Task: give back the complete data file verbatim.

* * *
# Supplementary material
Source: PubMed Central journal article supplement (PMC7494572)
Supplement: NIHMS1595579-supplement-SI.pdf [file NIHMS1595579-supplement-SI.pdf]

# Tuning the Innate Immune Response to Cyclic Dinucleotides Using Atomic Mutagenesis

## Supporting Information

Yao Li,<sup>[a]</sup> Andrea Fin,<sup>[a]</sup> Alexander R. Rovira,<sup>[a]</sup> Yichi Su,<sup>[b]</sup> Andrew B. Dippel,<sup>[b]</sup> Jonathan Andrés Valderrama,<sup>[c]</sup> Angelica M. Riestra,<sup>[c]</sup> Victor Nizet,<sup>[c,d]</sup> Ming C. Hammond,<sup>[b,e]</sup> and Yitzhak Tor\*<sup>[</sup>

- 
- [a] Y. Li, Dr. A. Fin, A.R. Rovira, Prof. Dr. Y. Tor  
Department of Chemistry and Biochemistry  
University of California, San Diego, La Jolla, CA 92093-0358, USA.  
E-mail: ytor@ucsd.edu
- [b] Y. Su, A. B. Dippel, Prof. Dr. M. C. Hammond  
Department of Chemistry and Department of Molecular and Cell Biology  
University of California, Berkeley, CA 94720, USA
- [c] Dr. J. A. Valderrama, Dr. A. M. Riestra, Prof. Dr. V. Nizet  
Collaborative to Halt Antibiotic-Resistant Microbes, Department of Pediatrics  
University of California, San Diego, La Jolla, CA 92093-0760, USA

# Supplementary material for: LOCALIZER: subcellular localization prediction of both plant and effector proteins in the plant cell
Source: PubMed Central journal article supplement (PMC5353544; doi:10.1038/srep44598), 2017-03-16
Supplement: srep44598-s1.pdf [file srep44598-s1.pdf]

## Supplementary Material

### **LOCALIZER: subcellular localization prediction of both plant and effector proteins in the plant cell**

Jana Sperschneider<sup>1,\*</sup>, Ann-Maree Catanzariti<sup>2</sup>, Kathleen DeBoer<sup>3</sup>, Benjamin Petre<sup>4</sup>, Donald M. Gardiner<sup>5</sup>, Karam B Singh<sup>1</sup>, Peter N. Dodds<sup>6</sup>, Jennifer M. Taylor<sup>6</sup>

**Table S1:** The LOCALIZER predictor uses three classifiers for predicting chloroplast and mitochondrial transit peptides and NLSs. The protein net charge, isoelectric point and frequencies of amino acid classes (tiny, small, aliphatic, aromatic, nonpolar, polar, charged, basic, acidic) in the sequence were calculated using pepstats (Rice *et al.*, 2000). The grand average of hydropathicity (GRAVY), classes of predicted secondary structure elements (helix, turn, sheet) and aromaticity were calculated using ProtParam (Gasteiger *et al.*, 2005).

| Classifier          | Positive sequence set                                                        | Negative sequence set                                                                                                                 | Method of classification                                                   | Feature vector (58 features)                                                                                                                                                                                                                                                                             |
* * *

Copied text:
# Supplementary material
Source: PubMed Central journal article supplement (PMC7494572)
Supplement: NIHMS1595579-supplement-SI.pdf [file NIHMS1595579-supplement-SI.pdf]

# Tuning the Innate Immune Response to Cyclic Dinucleotides Using Atomic Mutagenesis

## Supporting Information

Yao Li,<sup>[a]</sup> Andrea Fin,<sup>[a]</sup> Alexander R. Rovira,<sup>[a]</sup> Yichi Su,<sup>[b]</sup> Andrew B. Dippel,<sup>[b]</sup> Jonathan Andrés Valderrama,<sup>[c]</sup> Angelica M. Riestra,<sup>[c]</sup> Victor Nizet,<sup>[c,d]</sup> Ming C. Hammond,<sup>[b,e]</sup> and Yitzhak Tor\*<sup>[</sup>

- 
- [a] Y. Li, Dr. A. Fin, A.R. Rovira, Prof. Dr. Y. Tor  
Department of Chemistry and Biochemistry  
University of California, San Diego, La Jolla, CA 92093-0358, USA.  
E-mail: ytor@ucsd.edu
- [b] Y. Su, A. B. Dippel, Prof. Dr. M. C. Hammond  
Department of Chemistry and Department of Molecular and Cell Biology  
University of California, Berkeley, CA 94720, USA
- [c] Dr. J. A. Valderrama, Dr. A. M. Riestra, Prof. Dr. V. Nizet  
Collaborative to Halt Antibiotic-Resistant Microbes, Department of Pediatrics  
University of California, San Diego, La Jolla, CA 92093-0760, USA

# Supplementary material for: LOCALIZER: subcellular localization prediction of both plant and effector proteins in the plant cell
Source: PubMed Central journal article supplement (PMC5353544; doi:10.1038/srep44598), 2017-03-16
Supplement: srep44598-s1.pdf [file srep44598-s1.pdf]

## Supplementary Material

### **LOCALIZER: subcellular localization prediction of both plant and effector proteins in the plant cell**

Jana Sperschneider<sup>1,\*</sup>, Ann-Maree Catanzariti<sup>2</sup>, Kathleen DeBoer<sup>3</sup>, Benjamin Petre<sup>4</sup>, Donald M. Gardiner<sup>5</sup>, Karam B Singh<sup>1</sup>, Peter N. Dodds<sup>6</sup>, Jennifer M. Taylor<sup>6</sup>

**Table S1:** The LOCALIZER predictor uses three classifiers for predicting chloroplast and mitochondrial transit peptides and NLSs. The protein net charge, isoelectric point and frequencies of amino acid classes (tiny, small, aliphatic, aromatic, nonpolar, polar, charged, basic, acidic) in the sequence were calculated using pepstats (Rice *et al.*, 2000). The grand average of hydropathicity (GRAVY), classes of predicted secondary structure elements (helix, turn, sheet) and aromaticity were calculated using ProtParam (Gasteiger *et al.*, 2005).

| Classifier          | Positive sequence set                                                        | Negative sequence set                                                                                                                 | Method of classification                                                   | Feature vector (58 features)                                                                                                                                                                                                                                                                             |